For twenty minutes, traveling at 500mph there is nothing to be seen that even suggests human existance. Endless ripples and waves of sand eventually give way to fractal like river beds which etch out the surface giving it a land like structure – but no straight lines.
In the distance a patch of ground (probably a huge expanse of land) is a different colour. My mind tells me it is green and fills in lush vegetation, trees and shrubs. But getting closer it seems to be just a different colour of sand and desert pavement, just as empty as what I saw before.
None of the rivers seem to carry water. It is as if the finer sand here flows over coarser sand, finding its level, making its way to the ocean of dunes.
I spot a straight line below – certainly a sign of humanity. Is it a road or a pipeline? It seems to straight to be a road, because where I live landscape and history would be tugging a roads course in multiple directions. Down there, I suppose, if you want to get from point A to point B you go straight. There is no C or D to distract you on your journey. Deviating from the fastest route would mean lingering in the dry sunshine.
The electronic map on the screen in the seat ahead tells me that if I stare out far to the west I might catch a glimpse of Timbuktu, but the sky seems to hazy to let me see, or perhaps it is over the edge of the earth.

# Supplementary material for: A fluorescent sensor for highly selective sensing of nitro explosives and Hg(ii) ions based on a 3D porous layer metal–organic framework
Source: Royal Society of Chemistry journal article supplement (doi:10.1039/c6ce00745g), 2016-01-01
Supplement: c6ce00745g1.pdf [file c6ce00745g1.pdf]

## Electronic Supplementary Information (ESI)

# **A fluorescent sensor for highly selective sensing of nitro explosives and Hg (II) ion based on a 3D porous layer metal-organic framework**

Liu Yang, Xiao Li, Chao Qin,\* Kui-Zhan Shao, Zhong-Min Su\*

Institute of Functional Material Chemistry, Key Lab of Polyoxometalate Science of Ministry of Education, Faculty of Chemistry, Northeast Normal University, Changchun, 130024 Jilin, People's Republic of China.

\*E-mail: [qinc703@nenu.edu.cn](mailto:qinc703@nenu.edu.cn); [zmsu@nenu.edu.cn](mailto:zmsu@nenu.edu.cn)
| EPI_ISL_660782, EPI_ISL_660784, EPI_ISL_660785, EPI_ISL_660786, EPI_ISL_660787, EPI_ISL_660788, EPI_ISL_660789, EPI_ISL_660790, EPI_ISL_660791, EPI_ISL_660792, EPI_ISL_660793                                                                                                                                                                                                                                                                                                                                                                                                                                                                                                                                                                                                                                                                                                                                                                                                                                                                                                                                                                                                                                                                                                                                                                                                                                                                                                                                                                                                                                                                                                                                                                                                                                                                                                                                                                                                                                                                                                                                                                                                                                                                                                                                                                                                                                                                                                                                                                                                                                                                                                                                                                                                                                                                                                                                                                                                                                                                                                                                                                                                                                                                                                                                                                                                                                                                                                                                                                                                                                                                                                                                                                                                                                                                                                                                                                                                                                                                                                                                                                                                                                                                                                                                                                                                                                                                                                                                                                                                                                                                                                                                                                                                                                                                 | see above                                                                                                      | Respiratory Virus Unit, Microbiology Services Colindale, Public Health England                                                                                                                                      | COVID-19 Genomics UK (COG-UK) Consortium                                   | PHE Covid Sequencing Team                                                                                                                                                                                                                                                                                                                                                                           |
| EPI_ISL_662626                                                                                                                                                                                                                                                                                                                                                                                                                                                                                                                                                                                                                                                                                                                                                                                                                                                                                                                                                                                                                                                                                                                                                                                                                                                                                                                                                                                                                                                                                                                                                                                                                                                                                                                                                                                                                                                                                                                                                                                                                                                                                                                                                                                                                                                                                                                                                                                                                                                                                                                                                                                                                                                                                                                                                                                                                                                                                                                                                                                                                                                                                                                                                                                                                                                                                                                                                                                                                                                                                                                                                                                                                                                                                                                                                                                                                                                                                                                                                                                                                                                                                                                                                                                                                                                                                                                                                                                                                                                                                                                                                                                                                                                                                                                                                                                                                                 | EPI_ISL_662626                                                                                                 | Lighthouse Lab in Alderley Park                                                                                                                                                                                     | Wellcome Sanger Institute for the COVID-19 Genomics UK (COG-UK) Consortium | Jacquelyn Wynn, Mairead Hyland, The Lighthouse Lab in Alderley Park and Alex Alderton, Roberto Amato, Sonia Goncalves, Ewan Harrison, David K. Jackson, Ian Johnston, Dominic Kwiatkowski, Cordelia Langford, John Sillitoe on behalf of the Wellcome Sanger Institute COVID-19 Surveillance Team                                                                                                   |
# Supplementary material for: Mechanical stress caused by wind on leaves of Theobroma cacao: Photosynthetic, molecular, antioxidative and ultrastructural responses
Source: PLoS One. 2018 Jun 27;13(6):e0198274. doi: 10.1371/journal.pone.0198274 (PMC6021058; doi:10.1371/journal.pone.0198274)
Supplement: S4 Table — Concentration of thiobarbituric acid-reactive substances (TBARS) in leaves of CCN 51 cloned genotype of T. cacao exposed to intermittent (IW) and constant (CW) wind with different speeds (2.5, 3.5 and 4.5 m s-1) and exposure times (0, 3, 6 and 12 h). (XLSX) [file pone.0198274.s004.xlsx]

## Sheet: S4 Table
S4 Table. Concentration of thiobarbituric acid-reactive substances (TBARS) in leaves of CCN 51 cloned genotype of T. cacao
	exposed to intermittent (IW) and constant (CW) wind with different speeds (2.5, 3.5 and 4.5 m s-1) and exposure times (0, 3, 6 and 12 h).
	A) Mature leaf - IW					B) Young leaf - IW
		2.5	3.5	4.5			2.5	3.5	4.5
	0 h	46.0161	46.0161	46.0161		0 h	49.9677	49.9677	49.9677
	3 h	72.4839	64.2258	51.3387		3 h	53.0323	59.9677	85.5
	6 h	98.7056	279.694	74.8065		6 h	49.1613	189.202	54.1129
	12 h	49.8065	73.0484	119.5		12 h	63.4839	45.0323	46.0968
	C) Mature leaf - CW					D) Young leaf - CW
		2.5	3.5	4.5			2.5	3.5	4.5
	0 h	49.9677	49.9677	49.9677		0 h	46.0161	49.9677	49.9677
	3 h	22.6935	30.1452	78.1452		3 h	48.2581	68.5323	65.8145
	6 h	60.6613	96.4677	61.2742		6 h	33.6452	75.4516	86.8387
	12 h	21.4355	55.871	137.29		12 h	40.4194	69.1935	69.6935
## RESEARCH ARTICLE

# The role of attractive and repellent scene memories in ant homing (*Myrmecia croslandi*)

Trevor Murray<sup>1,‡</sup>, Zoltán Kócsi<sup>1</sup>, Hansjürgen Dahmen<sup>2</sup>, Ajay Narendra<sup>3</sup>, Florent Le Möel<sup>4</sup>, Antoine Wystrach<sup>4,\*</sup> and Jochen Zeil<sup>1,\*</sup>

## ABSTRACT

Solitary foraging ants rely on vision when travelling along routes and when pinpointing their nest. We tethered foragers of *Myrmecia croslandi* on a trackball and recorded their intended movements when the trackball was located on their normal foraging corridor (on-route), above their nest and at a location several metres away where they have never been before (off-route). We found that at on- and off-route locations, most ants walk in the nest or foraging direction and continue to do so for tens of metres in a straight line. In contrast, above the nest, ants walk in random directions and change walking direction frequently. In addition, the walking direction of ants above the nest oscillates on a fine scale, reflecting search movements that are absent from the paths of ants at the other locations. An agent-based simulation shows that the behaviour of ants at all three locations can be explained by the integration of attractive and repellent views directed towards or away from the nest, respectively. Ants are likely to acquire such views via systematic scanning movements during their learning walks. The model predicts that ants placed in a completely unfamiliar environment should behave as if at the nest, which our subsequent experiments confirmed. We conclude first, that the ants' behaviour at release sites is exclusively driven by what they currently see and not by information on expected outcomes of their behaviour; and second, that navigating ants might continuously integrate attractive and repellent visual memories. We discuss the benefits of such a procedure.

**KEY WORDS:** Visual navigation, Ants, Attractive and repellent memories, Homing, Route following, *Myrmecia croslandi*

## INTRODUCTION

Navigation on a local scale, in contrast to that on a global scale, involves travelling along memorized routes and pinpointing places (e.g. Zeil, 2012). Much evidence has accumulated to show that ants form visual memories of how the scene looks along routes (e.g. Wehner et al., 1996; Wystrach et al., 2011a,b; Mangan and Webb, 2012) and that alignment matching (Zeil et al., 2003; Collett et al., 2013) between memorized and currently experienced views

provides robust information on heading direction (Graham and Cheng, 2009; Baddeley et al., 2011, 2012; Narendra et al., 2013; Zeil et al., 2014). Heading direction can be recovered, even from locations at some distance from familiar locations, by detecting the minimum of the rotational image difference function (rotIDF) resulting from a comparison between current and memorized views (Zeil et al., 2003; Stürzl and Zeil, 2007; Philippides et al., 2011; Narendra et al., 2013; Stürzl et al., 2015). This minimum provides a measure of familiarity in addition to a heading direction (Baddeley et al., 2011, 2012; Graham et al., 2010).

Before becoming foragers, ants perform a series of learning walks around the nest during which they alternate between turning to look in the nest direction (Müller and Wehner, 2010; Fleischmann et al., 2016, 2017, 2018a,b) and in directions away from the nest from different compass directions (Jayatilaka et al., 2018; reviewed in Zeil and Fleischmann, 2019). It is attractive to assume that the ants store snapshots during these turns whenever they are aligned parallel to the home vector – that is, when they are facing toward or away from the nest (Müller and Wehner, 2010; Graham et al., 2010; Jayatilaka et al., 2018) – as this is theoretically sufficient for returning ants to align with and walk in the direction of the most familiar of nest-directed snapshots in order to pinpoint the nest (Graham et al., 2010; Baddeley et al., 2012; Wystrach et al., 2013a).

The sun reflects from a pool of water – there is something else out there other than sand and rock and sun. In the distance a few more glints. Perhaps I will start to see settlements now. These water sources are like islands in the sea – life is possible. It can be sustained there. But as we fly over the glints disappear. Perhaps these oases are just damp patches, the water quickly draining away, or evaporating. Or maybe just a shinier kind of sand.
Where the world is wildest the signs of human life are orderly – a straight line across a desert. As the world becomes more friendly to us, the markes we make become more haphazard – a village is more confused than a hamlet, a city more chaotic than a town. Complexity is difficult, but simplicity is not necessarily the sign of an easy life.
As we reach the edge of the Sahara, trees begin to appear, dotted and grouped, looking like poppy seeds scattered on the surface of a bagel.
Getting off the plane in Ouagadougou, first I was hit by the warmth – not heat – followed by the smell of burning charcoal…